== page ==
Bitcoin Maximalism is Rubbish


Ever since the the launch of the first altcoin (alternative coin, as in alternative to Bitcoin), prior to the invention of the label “Bitcoin Maximalist,” there have been people opposed to the idea of multiple blockchains. At first they claimed that there can only be one blockchain. Their argument usually was that the invention of the Bitcoin protocol was analogous to the invention of the TCP/IP protocol which is the backbone of the internet. Therefore, just as TCP/IP was the first and only protocol to be used in what later became the internet, despite there being superior protocols invented afterwards, bitcoin will be the only protocol that will be used because, like TCP/IP, it had first mover advantage.

The first mover advantage would help the Bitcoin protocol achieve such a large network effect that it would make other blockchain projects redundant. If someone had to use a blockchain, that someone would use Bitcoin because it was the most widely used blockchain and blockchains are only meaningful if other people use them. It does not matter that competing blockchains may offer superior technological innovations because those innovations could be incorporated into the Bitcoin protocol thus rendering the competing project redundant.

The problem with this argument is that it’s based on an incorrect analogy. The Bitcoin protocol does not provide a service analogous to the TCP/IP protocol. The TCP/IP protocol is generic and trivial to use. Meaning that it can be used to transfer any type of information and no single transfer of information is significant to the network, thus not having any value. The cost of changing to a new protocol is higher than the cost of developing better hardware and software to work with the current protocol. On the other hand the Bitcoin protocol is very specific and its use nontrivial. One can only transfer bitcoins through the network and each transfer is significant enough that it requires other users to validate that network event (the bitcoin transaction). Thus every event is costly to the network and it may be cheaper to use a different protocol. In addition the fact that Bitcoin’s protocol is specific opens Bitcoin to competing projects with different protocols that satisfy users’ needs that Bitcoin cannot satisfy.

Although, there have been efforts to make the Bitcoin protocol more generic, such as the Mastercoin project and the Counterparty project, the Bitcoin protocol has been proven to be highly inefficient in performing the types of transactions a more generic project could offer. On the other hand were a more generic protocol be created to serve primarily to transfer tokens, as Bitcoin does, it would pale in comparison to Bitcoin. The network would be clogged with the amount of information having to be processed with every transaction, not to mention the rapid growth its blockchain would experience in terms of memory, i.e. Ethereum. For this reason it is not sensible for Bitcoin to adopt features offered in other blockchains, as Bitcoin’s performance limitations are not an accident but intentional by design.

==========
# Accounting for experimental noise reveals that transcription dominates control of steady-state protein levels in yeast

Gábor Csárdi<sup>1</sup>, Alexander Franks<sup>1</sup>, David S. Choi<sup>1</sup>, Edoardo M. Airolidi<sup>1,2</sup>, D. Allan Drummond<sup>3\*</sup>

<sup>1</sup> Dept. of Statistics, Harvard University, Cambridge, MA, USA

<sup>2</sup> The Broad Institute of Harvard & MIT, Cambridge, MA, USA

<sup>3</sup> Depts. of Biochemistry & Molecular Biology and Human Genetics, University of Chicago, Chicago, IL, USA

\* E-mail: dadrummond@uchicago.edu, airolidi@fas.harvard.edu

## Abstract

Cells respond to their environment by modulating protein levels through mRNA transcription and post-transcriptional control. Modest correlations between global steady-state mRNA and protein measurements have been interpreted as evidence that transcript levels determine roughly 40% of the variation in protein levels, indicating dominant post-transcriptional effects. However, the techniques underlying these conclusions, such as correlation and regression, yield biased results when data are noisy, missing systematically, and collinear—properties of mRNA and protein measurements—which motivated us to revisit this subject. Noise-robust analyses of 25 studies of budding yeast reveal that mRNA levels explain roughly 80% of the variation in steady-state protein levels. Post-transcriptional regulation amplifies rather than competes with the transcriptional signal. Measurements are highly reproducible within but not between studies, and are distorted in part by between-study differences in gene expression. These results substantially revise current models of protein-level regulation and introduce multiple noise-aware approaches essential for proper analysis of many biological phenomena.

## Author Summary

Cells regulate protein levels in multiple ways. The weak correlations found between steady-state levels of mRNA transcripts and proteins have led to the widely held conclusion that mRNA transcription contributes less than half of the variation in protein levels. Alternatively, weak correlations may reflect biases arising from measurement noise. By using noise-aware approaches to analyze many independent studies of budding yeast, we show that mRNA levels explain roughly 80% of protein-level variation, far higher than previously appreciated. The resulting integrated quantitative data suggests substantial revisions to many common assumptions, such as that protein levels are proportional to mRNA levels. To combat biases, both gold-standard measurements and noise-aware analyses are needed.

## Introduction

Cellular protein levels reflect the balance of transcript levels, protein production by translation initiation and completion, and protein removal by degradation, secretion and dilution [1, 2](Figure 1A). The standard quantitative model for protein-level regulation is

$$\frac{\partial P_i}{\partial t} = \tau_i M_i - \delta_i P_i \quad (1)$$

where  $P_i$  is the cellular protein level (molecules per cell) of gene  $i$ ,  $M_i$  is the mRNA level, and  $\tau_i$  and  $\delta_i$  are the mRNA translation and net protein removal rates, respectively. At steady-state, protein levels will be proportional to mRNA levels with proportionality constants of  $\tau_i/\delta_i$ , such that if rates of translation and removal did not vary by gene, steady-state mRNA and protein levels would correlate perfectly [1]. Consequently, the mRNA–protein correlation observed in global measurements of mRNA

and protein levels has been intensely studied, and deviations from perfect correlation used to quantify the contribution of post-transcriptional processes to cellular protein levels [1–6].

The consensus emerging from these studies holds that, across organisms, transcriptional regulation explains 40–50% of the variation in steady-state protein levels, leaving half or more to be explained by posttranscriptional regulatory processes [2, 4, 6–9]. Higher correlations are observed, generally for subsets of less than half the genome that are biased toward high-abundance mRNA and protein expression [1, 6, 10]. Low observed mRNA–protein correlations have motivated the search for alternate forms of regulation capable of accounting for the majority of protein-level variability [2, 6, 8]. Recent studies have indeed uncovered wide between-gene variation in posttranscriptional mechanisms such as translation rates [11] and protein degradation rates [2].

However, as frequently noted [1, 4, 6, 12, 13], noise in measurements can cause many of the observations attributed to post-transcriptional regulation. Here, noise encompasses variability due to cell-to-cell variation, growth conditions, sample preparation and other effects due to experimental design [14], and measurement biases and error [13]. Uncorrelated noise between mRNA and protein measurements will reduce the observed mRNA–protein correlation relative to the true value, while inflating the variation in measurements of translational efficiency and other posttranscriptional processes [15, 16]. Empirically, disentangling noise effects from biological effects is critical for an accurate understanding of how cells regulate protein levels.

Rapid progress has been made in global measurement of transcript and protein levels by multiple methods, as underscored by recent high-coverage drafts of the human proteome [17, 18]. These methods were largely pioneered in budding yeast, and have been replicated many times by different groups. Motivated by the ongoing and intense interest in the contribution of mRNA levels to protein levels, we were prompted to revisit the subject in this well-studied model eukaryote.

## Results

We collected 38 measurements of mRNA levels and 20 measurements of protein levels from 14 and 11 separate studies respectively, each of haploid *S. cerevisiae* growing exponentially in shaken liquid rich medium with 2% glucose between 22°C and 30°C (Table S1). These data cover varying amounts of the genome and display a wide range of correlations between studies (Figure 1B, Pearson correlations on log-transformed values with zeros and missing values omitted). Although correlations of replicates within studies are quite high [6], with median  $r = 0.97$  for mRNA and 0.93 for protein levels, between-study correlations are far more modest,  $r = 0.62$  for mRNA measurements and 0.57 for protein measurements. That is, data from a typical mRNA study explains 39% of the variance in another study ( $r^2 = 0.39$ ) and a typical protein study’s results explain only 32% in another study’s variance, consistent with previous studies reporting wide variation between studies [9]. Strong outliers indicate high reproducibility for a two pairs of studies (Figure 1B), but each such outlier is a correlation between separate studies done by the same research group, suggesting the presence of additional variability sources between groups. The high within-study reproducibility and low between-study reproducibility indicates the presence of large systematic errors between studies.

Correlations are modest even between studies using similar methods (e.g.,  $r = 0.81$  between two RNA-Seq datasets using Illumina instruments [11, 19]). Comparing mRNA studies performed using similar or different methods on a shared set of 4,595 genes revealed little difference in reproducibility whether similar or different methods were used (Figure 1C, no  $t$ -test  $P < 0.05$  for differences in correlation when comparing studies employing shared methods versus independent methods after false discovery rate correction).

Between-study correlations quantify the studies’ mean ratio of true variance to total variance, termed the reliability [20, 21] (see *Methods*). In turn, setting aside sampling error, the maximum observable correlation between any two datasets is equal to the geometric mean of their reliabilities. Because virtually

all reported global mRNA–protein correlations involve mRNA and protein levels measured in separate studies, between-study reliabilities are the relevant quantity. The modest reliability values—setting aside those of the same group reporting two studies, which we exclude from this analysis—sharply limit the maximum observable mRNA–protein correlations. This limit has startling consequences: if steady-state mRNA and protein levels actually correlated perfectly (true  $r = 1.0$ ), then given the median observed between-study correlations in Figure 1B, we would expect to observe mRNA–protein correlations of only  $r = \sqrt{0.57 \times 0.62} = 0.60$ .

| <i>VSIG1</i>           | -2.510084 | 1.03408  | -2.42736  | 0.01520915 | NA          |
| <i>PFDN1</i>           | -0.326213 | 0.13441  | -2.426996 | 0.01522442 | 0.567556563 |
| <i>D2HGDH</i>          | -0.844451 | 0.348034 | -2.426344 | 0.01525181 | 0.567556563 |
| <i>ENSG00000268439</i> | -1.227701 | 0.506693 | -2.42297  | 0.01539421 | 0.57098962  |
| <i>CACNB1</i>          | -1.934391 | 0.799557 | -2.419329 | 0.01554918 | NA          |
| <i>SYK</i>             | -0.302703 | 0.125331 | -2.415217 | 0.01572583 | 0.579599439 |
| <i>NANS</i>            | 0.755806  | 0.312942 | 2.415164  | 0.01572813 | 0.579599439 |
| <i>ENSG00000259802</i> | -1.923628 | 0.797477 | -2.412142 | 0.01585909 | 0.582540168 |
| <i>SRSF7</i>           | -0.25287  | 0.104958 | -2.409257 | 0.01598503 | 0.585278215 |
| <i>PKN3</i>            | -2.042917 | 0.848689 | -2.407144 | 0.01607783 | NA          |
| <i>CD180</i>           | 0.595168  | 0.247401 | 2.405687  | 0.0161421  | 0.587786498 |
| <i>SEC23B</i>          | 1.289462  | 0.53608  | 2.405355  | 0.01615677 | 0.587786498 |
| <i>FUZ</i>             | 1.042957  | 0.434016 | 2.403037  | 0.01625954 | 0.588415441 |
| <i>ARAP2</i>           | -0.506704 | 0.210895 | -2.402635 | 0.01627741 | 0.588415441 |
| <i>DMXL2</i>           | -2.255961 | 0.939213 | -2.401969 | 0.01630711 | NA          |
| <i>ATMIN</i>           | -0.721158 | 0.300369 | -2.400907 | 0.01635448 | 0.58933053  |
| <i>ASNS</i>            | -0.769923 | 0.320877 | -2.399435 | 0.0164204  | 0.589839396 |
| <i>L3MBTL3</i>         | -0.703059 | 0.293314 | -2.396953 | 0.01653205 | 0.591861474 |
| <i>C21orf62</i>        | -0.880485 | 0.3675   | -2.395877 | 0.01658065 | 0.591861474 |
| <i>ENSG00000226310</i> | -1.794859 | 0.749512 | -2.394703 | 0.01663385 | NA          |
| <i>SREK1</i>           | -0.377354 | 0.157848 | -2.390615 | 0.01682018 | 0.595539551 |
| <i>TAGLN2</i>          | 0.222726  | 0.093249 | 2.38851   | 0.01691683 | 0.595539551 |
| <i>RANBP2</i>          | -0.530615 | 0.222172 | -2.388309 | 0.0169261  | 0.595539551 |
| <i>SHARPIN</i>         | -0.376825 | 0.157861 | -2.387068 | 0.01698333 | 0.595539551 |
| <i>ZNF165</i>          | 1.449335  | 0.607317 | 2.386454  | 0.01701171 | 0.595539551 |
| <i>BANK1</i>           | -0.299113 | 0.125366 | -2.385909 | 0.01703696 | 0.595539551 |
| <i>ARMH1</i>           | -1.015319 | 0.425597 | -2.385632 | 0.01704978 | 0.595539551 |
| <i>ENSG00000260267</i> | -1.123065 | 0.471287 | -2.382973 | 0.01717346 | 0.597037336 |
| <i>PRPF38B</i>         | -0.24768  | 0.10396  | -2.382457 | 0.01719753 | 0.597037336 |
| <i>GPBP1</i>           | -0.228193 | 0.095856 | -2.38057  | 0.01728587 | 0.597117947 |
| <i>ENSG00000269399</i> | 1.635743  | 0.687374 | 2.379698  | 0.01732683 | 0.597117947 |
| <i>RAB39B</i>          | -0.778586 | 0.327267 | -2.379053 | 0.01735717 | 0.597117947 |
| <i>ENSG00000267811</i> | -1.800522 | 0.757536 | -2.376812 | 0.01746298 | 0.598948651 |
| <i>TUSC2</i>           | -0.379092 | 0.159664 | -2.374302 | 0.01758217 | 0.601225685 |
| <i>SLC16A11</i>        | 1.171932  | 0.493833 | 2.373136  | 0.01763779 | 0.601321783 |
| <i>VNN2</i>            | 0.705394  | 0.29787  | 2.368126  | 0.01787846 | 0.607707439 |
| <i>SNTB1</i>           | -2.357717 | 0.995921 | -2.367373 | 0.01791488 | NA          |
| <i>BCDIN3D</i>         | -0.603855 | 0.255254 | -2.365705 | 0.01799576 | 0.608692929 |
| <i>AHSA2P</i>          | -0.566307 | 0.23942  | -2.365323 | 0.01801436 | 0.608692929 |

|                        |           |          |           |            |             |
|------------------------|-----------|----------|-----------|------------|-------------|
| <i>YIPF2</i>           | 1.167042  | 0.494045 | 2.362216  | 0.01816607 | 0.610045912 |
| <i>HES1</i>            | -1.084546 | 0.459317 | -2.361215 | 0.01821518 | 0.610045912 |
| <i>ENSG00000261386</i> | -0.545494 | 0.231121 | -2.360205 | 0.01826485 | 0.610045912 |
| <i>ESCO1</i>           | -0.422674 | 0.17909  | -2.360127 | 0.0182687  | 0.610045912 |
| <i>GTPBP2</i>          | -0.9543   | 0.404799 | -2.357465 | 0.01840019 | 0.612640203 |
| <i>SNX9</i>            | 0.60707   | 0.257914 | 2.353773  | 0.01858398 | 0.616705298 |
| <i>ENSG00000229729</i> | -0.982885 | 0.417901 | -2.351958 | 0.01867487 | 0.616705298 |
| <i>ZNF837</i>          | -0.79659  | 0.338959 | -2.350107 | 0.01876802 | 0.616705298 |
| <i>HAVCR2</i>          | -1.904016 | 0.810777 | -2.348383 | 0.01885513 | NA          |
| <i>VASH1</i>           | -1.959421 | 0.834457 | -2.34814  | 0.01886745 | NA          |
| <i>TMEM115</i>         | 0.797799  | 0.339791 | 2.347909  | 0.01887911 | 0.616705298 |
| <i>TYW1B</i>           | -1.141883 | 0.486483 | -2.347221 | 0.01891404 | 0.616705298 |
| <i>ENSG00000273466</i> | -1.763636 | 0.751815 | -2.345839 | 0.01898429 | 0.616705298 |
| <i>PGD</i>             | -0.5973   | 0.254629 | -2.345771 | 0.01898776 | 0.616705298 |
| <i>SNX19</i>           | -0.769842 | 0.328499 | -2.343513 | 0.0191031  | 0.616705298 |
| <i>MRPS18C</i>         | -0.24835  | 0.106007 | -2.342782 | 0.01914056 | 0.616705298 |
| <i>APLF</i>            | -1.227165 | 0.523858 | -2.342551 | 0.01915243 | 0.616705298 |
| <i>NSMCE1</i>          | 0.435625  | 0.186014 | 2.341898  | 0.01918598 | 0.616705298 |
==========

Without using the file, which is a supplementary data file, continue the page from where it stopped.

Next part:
When encountered with these facts some of the proponents of Bitcoin Maximalism argue that some of the features offered by other blockchains should not even be used by any blockchains at all. Their argument is that if a feature cannot be adopted by the Bitcoin protocol, it does not make sense at all in the realm of blockchain technology. Therefore, it cannot be considered an improvement on blockchain technology. The problem with this argument is that it assumes knowledge of the full impact of blockchain technology on society. It assumes full knowledge of the future, something no one is capable of. Prior to the creation of Google, searching the internet was considered a solved problem. In the 1990s no one had envisioned the rise of online social networks or the sharing economy. Microsoft was expected to rule the world. Therefore, while someone can make educated guesses on what is or what isn’t an improvement on blockchain technology, no one really knows what it is. Only the market will tell which features of new blockchains are improvements because they fulfill a need among the people that use them. This is evident in Ethereum’s rise as the default funding platform for new blockchain projects, overtaking Bitcoin’s place through the Counterparty and Mastercoin platforms back 2014.

Although no one can really tell what the future will be like, given the large potential impact blockchain technology can have on society, one thing is certain, Bitcoin will not be the only widely used blockchain in existence. In addition it is most likely that Bitcoin will not be the most widely used protocol given the limitations of its design. At this point in time Bitcoin is ancient technology with even Litecoin (a long time competitor) being significantly ahead of Bitcoin technologically, having already implemented Segregated Witness, something that may or may not happen for Bitcoin. A most likely future scenario is one of multiple blockchains specializing on different services with some competing against each other in the same service space and some dominating their service space. Bitcoin, however will no doubt remain as one of the most well known blockchains in existence for being the first of its kind, and therefore may still be widely used.